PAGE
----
If you plan to develop for the Web, you can't pass on JavaScript-based tools. Whether it be for frontend or for backend development, you will need to have NodeJS installed on your machine to be able to run most of the development tools available.

1. NodeJS

NodeJS is a runtime that enables you to run JavaScript code from outside the browser, which allows you to write scripts and even complex applications such as web servers. You can install it by downloading the executable from their website, or by running the following command :

curl "${VERSION:-$(wget -qO- | sed -nE 's|.*>node-(.*)\.pkg</a>.*|\1|p')}.pkg" > "$HOME/Downloads/node-latest.pkg" && sudo installer -store -pkg "$HOME/Downloads/node-latest.pkg" -target "/"

Check that it is correctly installed by running

node --version
# v16.1.0

2. nvm

This stands for Node Version Manager. It allows you to have multiple Node versions installed on your environment and to seamlessly switch between them. This is particularly useful in case you have to work on legacy applications using old Node versions, but also if you are working on new projects using recent releases.

Let's install it :

curl -o- | bash

# Installing...

export NVM_DIR="$([ -z "${XDG_CONFIG_HOME-}" ] && printf %s "${HOME}/.nvm" || printf %s "${XDG_CONFIG_HOME}/nvm")"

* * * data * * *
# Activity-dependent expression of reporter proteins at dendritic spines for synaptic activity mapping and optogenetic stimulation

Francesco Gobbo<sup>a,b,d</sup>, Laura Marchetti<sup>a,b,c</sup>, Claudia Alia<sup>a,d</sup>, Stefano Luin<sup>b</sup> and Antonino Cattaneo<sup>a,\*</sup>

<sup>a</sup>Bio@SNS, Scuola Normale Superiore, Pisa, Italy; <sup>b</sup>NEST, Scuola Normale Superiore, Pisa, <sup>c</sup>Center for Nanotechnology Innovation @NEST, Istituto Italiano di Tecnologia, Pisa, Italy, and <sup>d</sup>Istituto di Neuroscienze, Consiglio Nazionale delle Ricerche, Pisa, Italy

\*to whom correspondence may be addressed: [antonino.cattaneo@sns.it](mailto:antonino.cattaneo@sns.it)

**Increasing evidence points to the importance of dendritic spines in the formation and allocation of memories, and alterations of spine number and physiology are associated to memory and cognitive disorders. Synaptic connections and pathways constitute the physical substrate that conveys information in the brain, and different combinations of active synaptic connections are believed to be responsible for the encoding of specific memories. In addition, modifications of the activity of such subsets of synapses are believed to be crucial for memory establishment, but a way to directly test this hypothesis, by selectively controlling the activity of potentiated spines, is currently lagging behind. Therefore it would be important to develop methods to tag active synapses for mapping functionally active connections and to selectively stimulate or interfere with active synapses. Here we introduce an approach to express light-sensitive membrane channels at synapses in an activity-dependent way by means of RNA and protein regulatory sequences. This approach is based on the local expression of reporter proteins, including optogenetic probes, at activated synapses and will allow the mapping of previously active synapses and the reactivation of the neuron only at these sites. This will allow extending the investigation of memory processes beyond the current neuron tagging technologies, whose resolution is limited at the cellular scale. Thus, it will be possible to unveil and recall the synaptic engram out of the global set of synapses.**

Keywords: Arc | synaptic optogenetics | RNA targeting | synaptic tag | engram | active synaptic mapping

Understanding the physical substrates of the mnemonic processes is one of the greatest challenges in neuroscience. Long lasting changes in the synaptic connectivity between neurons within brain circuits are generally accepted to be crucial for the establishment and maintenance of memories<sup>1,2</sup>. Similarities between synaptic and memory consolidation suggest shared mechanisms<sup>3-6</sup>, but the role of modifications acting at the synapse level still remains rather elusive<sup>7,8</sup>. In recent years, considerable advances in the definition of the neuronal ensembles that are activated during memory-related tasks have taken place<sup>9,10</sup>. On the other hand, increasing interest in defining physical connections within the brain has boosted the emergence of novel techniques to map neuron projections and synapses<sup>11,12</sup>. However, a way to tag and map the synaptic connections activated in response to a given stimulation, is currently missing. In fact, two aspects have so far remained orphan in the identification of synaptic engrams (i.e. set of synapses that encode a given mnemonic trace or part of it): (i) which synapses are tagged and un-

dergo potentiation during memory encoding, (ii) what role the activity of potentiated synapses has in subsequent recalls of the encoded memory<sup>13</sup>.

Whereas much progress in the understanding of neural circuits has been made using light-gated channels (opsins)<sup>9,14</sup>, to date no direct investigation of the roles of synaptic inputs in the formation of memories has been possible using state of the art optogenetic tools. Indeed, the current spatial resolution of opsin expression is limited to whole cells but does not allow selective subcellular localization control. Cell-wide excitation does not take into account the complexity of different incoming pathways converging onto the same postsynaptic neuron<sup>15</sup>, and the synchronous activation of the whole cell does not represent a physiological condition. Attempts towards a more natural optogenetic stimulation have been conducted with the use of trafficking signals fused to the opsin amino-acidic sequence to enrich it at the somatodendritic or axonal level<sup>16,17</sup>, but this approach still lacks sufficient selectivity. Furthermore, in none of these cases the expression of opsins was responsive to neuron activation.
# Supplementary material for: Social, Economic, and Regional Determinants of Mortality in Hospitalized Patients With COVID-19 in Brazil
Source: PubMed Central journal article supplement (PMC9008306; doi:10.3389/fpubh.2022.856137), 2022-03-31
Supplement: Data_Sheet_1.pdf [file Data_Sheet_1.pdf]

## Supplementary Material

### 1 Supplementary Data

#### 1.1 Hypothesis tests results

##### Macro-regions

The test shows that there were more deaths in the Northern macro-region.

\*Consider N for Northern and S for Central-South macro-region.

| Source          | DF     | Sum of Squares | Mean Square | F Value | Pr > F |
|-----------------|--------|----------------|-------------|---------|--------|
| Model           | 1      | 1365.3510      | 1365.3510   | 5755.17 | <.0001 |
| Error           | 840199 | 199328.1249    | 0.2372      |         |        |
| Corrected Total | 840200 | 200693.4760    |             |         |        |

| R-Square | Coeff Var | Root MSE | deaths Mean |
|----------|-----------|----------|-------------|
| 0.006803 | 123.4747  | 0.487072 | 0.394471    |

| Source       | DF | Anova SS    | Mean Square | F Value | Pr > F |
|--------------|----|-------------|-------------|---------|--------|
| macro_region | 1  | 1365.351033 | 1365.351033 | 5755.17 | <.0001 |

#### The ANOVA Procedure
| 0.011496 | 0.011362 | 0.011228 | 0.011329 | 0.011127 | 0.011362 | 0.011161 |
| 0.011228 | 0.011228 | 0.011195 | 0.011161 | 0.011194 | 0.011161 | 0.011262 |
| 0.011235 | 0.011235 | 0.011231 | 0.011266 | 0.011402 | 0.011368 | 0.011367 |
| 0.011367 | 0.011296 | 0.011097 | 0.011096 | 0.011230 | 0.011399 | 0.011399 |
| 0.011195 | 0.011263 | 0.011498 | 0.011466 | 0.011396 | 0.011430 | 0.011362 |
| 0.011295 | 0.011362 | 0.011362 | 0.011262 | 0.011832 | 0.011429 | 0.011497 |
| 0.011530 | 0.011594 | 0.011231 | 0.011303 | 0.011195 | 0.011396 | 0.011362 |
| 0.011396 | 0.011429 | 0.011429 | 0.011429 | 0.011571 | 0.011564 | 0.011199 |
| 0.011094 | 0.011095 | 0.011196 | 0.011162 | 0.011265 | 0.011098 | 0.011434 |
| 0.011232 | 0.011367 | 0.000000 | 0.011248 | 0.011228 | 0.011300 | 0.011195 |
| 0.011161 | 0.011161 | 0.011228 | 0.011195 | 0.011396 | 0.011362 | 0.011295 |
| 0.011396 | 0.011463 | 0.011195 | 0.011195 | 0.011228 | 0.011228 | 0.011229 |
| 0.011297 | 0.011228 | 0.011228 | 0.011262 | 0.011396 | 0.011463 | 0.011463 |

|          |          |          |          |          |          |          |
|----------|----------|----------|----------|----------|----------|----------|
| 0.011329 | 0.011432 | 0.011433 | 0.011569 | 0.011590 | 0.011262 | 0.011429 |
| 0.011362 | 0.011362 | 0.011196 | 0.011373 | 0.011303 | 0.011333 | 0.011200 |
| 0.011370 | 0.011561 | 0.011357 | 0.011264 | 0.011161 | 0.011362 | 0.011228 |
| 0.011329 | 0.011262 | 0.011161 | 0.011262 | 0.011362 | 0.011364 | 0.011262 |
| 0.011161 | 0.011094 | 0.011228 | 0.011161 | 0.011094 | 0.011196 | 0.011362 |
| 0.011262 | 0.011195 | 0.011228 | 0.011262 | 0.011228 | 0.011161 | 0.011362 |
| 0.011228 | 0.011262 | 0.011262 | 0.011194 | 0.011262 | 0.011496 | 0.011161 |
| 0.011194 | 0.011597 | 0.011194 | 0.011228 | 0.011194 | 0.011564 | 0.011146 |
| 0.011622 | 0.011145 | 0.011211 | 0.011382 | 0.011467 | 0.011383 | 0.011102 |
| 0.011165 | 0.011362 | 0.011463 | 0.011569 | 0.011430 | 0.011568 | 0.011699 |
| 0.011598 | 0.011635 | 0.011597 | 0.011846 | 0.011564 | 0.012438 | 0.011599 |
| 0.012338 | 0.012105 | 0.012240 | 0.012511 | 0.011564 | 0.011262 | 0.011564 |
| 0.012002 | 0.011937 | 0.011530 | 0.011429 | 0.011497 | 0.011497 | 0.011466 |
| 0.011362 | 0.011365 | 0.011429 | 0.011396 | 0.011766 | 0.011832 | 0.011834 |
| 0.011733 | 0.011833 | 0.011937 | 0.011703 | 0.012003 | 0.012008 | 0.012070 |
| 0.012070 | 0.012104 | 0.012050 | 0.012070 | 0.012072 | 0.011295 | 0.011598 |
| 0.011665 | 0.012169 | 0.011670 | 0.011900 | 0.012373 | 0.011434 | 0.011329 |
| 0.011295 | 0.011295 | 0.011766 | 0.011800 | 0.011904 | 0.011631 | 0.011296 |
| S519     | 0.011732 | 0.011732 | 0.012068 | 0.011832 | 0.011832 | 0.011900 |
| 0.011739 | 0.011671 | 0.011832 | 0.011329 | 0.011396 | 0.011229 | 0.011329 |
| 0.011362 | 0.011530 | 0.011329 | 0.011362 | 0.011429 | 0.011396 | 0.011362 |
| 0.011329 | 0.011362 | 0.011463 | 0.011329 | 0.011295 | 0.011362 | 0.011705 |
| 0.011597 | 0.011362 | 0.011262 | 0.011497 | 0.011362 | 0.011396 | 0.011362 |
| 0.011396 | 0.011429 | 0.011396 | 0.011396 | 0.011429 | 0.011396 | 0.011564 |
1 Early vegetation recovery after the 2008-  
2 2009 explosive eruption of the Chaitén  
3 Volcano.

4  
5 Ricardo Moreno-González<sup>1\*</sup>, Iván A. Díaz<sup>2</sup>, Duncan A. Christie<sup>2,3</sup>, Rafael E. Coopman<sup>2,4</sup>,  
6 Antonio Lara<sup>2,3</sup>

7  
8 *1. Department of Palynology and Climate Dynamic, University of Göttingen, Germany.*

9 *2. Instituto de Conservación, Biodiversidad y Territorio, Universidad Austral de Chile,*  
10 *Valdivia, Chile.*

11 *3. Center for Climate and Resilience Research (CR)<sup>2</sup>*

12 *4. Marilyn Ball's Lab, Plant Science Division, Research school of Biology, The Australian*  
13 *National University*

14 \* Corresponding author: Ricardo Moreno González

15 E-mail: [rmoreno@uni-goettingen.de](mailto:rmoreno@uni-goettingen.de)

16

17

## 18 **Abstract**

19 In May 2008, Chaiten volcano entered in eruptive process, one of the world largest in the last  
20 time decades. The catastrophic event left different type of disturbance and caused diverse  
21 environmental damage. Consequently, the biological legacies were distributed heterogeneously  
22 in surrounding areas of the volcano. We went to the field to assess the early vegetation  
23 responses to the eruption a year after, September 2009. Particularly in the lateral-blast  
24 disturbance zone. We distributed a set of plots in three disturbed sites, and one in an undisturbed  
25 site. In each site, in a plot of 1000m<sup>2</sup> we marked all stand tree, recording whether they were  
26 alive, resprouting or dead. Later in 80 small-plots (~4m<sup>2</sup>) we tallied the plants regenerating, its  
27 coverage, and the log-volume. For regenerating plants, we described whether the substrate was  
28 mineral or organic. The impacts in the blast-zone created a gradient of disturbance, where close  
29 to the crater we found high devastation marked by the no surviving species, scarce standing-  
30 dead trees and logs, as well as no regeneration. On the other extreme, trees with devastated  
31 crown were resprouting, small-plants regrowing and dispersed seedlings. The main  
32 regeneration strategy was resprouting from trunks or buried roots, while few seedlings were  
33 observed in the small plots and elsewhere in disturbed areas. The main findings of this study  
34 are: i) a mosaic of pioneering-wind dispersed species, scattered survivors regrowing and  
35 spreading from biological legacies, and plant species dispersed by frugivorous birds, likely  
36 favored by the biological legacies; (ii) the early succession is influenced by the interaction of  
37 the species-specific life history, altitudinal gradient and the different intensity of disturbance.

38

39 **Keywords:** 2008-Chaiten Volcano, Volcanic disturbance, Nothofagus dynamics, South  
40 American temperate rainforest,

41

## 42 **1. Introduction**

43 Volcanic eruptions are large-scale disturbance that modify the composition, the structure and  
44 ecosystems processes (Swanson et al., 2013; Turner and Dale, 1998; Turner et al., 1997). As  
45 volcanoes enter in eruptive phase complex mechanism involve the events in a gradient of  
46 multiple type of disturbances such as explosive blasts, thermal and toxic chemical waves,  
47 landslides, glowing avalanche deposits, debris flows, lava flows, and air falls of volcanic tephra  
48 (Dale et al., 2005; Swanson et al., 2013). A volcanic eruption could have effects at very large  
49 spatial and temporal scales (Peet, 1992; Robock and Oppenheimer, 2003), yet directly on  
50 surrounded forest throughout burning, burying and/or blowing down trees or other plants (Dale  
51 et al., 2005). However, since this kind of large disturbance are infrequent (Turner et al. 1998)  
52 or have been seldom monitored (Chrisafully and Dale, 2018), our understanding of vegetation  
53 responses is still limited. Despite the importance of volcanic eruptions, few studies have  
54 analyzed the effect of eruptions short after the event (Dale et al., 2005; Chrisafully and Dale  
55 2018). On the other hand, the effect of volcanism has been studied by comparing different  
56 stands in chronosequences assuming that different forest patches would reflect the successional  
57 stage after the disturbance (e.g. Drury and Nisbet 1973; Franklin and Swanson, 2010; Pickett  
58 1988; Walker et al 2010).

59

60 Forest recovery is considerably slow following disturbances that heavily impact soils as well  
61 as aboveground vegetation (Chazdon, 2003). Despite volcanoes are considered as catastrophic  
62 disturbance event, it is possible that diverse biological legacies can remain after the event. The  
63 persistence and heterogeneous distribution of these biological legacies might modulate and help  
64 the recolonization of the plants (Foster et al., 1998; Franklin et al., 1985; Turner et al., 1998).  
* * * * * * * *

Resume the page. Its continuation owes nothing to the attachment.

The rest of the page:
[ -s "$NVM_DIR/" ] && \. "$NVM_DIR/" # This loads nvm

Then restart your Terminal and run nvm to check that the installation was successful. It should generate a list of available commands.

If you get something like nvm: command not found, try running

source ~/.zshrc

You are now able to install multiple Node versions. For example, you can run the following commands to install Node 12 and start using it immediately:

nvm install 12
nvm use 12

# Let's verify the version has changed
node --version
# v12.22.1

3. yarn

By default, Node installs a JavaScript package manager called npm. It's also worth knowing that this name can be used to refer at the official registry for Javascript packages. While npm is a solid default choice for package management, there is an alternative named yarn that can bring some interesting benefits, one of them being the packages installation speed.

Let's install it globally :

npm install -g yarn

You are now free to configure and add to it for each project. Read this article to know more about it.

Configure Git

Normally, Git should already be installed on your machine. You can check this by running git --version. If the output is incorrect, run:

brew install git

You can now enter your Git credentials (don't forget to replace ‘John Doe’ with the correct values):

git config --global "John Doe"
git config --global


This is it. After all these steps copy-pasting commands into the Terminal and waiting for downloads to be completed, we are finally going to install the last piece of the puzzle – the IDE. This acronym stands for Integrated Development Environment. Basically, it’s a place to edit code files that has life-changing features like syntax highlighting and autocompletion, which will drastically improve your web developing quality of life.